He thought for a while and said – ‘Life is a constant state of flux. Every moment is so different. We are different people each moment. We must accept that life is changing. It is like a river always different and we must make peace with it by accepting change which is its very nature. So you take the good with the bad – a book gets published and another gets rejected. Take both in your stride.’
I asked him if he exorcises all that he had experienced through his writing.
‘Yes’, he said. ‘Writing does that. I wrote a novel about my experiences with the partition’.
Is all writing through experience I asked.
‘Some through personal experience and some vicarious. But yes, I’d say most of my writing has been based on experience’, he said.
And how have his views changed over the years – towards love and other such emotions?
‘Love has lost its quality of leisure, of caring. It is a self obsessive love now. The concept of the trinity of love – of one woman, of one love and one commitment is gone. I do not see that kind of love anymore with all the hurrying around, calling, computers, Viagra and what not. But love to me is that trinity.’
There was much more that he said, in quotes and excerpts, too much for me to handle without a pen or paper so what I got down above was only the gist of our discussion. Prof. Shiv K. Kumar has just completed writing his version of the Mahabharatha, which is being published by Harper Collins India in January 2011. ‘It is 430 pages.’ he says. ‘I have romanticized it without departing from the main story’. He explained a scene here, a scene there for me. ‘And then there is a translation of Faiz’s works which should be out by August next year, published by penguin. And I have started writing the ‘Life of Buddha’ for which I am negotiating with US based publishers. And then there is Penguin which has commissioned him for translating 100 popular ghazals in English’.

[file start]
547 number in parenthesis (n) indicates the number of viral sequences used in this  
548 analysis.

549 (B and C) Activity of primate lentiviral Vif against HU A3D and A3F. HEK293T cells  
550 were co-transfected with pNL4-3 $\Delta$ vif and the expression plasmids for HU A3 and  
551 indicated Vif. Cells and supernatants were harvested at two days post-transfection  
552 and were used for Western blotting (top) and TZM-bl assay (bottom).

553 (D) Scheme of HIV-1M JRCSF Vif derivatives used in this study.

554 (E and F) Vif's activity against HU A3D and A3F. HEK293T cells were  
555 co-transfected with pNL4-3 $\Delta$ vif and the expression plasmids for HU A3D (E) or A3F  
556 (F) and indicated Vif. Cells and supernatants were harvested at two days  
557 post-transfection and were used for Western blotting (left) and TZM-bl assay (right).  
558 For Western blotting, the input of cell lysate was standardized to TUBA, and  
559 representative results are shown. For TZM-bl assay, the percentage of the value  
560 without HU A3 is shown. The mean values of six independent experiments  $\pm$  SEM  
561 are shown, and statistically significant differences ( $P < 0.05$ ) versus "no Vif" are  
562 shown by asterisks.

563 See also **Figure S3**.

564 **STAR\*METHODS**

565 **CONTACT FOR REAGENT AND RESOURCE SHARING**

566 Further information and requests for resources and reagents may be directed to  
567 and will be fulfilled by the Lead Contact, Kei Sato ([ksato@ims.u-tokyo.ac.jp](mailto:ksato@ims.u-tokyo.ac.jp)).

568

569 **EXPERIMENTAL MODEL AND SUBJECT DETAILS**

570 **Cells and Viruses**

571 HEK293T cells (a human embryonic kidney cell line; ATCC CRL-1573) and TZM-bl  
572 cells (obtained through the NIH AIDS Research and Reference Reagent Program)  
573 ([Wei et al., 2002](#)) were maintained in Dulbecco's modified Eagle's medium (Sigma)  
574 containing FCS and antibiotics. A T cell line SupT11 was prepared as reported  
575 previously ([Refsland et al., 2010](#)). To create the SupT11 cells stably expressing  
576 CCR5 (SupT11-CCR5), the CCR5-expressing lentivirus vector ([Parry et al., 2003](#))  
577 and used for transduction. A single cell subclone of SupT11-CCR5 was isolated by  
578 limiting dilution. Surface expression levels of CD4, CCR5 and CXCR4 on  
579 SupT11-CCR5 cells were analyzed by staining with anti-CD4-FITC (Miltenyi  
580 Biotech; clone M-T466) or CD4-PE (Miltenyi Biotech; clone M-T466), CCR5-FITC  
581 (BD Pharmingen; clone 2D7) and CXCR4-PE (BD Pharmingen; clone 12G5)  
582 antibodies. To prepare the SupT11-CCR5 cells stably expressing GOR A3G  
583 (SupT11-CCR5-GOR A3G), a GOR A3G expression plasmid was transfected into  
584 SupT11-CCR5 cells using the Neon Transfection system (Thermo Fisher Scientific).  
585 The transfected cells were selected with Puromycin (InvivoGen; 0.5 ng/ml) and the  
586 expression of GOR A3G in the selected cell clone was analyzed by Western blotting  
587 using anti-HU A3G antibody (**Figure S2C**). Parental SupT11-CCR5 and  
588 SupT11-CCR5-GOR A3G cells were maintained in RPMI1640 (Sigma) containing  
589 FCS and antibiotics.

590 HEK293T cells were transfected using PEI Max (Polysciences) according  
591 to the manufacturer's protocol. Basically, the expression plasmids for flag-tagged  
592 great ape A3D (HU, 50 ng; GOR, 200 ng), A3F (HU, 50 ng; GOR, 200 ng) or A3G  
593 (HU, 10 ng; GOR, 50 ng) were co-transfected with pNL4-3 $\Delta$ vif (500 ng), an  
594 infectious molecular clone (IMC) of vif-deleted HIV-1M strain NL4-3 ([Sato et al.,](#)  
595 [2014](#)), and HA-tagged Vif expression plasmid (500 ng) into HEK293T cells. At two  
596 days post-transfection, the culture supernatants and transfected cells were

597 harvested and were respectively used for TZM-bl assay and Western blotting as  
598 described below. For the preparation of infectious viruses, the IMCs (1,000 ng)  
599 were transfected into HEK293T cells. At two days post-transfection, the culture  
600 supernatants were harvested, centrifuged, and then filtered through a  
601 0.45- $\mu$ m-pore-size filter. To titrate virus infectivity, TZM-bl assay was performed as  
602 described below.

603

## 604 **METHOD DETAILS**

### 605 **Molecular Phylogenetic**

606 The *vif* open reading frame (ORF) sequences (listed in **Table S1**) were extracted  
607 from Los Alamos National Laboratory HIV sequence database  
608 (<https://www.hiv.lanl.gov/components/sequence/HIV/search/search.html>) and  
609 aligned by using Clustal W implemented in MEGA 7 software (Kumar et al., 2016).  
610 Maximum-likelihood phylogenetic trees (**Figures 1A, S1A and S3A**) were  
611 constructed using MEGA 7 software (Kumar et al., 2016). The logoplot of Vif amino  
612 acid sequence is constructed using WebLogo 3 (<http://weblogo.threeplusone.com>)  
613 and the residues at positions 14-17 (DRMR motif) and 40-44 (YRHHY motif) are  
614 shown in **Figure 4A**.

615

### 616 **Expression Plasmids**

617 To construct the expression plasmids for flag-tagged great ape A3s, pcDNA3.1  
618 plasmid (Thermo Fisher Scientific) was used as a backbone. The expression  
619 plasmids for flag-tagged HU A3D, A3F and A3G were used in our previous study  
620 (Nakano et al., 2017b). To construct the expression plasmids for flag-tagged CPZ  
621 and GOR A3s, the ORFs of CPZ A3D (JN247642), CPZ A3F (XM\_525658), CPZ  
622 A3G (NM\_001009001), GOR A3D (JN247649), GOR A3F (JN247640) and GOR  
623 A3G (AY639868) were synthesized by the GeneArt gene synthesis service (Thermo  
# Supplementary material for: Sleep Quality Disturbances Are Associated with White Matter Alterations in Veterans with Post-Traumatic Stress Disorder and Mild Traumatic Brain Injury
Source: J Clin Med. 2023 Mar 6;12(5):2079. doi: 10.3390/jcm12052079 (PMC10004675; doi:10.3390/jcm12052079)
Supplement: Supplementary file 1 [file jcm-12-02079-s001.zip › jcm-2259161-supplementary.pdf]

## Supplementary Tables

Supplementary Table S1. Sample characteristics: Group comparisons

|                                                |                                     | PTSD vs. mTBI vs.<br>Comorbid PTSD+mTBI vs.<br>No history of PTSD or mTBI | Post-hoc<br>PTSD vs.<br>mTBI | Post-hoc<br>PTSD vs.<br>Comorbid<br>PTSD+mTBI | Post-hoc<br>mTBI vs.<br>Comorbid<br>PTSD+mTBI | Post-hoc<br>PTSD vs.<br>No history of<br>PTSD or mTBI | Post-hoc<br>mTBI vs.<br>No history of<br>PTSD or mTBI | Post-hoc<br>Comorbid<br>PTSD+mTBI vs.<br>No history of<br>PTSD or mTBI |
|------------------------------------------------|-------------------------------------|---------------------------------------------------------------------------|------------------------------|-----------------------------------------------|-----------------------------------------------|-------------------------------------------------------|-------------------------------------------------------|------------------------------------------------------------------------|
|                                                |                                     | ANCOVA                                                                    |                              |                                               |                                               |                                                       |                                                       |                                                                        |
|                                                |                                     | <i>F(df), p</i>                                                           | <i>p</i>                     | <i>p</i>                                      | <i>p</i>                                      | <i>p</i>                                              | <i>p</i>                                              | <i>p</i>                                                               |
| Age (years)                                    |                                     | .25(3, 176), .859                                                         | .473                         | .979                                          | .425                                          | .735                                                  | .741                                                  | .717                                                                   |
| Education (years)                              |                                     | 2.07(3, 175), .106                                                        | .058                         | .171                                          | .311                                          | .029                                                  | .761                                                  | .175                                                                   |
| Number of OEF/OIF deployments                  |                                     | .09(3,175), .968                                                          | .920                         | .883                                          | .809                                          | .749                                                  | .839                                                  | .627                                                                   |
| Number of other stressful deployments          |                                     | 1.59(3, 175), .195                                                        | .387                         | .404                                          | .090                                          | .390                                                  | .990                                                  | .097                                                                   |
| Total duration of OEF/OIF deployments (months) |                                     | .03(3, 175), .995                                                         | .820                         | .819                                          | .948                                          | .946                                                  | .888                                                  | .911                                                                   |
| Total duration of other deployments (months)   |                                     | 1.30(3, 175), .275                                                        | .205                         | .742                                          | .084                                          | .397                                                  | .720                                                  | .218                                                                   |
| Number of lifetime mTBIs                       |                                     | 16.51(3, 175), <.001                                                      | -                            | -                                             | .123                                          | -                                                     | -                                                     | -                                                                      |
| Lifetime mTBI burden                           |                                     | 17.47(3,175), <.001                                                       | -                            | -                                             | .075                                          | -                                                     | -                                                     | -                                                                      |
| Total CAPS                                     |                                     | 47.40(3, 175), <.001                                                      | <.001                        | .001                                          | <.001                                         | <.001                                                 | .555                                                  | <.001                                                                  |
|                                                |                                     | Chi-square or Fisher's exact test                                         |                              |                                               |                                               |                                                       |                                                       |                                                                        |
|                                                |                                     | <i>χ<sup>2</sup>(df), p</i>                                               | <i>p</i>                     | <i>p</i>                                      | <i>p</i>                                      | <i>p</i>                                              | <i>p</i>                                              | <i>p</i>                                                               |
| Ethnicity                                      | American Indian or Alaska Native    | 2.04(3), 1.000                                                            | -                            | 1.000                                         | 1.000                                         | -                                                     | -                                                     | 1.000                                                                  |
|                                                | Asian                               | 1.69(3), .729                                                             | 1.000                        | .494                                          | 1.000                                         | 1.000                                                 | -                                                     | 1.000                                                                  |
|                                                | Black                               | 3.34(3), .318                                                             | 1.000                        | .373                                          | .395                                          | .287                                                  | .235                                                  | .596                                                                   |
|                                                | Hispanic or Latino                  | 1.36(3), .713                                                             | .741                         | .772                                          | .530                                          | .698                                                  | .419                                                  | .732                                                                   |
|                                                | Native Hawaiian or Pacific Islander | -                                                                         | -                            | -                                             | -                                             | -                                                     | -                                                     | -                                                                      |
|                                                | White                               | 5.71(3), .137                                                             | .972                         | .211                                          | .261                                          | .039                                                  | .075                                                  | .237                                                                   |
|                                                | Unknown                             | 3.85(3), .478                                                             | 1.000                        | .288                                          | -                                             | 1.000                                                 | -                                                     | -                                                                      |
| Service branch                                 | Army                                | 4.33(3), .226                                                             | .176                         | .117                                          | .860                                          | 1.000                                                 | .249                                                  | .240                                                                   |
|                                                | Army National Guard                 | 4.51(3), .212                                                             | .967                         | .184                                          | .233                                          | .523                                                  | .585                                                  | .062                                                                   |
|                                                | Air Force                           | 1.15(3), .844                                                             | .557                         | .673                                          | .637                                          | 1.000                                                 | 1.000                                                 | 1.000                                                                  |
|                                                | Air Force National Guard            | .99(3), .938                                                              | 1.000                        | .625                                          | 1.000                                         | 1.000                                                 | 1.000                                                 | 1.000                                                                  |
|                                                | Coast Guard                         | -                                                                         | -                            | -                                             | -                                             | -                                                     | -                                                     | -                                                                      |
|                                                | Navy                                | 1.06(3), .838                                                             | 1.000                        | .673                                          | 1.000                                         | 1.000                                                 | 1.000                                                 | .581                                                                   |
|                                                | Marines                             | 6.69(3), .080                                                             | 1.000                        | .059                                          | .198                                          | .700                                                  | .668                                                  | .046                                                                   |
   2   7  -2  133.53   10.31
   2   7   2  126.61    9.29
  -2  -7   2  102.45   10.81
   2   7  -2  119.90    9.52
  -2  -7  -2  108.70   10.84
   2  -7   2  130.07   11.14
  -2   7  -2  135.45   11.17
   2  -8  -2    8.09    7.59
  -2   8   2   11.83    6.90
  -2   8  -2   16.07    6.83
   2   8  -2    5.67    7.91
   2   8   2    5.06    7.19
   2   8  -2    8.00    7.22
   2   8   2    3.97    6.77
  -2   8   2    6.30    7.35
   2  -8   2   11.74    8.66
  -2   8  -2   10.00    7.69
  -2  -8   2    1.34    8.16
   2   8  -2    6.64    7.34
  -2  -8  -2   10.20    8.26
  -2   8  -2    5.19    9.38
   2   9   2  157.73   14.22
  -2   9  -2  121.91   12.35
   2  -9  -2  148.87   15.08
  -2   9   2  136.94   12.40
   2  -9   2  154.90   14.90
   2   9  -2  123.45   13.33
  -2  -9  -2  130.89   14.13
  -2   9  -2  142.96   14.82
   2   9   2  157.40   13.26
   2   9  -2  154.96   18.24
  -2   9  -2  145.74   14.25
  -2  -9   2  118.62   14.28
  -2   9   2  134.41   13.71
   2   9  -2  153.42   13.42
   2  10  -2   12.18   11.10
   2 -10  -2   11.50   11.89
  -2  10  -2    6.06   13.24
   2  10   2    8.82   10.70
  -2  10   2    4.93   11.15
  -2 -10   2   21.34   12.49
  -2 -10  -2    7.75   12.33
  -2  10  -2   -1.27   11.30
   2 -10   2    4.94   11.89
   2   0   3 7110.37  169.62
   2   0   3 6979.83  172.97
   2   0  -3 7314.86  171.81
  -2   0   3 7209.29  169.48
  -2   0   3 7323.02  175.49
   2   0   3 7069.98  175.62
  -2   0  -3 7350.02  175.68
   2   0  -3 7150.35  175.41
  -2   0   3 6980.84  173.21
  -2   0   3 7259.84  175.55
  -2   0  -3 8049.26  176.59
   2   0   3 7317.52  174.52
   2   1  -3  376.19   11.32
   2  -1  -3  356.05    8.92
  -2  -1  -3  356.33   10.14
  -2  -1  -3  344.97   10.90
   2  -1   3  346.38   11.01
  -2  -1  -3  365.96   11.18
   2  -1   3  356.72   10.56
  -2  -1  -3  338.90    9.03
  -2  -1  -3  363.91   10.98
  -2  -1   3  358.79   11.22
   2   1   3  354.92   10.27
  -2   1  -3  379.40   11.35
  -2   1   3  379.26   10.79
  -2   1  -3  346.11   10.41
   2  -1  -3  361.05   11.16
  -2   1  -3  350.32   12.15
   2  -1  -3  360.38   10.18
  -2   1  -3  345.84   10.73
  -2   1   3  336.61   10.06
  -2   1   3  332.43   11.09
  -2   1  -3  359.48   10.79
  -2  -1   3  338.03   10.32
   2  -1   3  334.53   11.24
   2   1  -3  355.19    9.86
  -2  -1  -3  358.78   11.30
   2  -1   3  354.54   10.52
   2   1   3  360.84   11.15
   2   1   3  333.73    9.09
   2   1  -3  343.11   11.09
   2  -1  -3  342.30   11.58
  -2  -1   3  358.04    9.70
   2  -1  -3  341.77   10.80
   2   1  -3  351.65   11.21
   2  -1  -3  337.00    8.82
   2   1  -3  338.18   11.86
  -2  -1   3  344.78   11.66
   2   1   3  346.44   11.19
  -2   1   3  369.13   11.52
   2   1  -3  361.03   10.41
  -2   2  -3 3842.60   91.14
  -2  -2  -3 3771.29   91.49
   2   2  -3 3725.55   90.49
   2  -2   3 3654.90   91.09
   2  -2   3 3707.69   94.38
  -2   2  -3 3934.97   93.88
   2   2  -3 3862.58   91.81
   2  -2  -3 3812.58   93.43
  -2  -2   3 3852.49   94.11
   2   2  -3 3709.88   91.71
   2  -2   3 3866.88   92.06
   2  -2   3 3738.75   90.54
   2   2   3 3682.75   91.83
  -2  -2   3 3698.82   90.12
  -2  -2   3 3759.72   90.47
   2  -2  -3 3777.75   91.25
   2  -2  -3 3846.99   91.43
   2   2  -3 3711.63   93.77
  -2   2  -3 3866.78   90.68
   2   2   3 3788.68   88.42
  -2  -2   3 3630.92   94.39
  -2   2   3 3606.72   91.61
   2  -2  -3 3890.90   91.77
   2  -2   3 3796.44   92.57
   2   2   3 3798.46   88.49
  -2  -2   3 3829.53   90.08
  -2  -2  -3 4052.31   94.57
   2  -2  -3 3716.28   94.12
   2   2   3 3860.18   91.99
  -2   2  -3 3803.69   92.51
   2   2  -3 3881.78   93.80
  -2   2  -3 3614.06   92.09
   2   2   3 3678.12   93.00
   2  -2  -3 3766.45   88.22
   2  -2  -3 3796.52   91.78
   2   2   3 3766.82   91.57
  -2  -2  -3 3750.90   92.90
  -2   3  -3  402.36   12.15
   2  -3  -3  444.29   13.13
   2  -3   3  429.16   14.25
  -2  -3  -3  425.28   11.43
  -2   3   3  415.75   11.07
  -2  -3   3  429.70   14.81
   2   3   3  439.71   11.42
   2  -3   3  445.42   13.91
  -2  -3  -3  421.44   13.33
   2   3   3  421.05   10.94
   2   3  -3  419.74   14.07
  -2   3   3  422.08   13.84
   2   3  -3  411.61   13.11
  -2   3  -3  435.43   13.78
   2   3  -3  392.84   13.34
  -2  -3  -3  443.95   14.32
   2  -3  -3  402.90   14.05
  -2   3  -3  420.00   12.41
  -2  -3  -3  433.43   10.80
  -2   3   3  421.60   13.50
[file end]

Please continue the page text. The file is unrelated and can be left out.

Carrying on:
And the river flows on, purposefully, focused on its course. His memory is razor sharp as he reels off dates, names and quotes without a moment of hesitation. His life is brimming with ideas, with things to do, with new stories to write, with felicitations to receive. So much to do and so much to achieve. It amazed me, energized me when I met him, for their clarity about what they want to do, for their passion to do it well, for their passion to their work, for their passion to life and for their ability to laugh so easily. I now propose to have that clarity of purpose, that same unconditional dedication to my work and retain that kind of passion to life. That I think is how one could go about doing the things one loves best, how one could give back, be grateful for and appreciate life for what it is.
That is the least I can do for myself.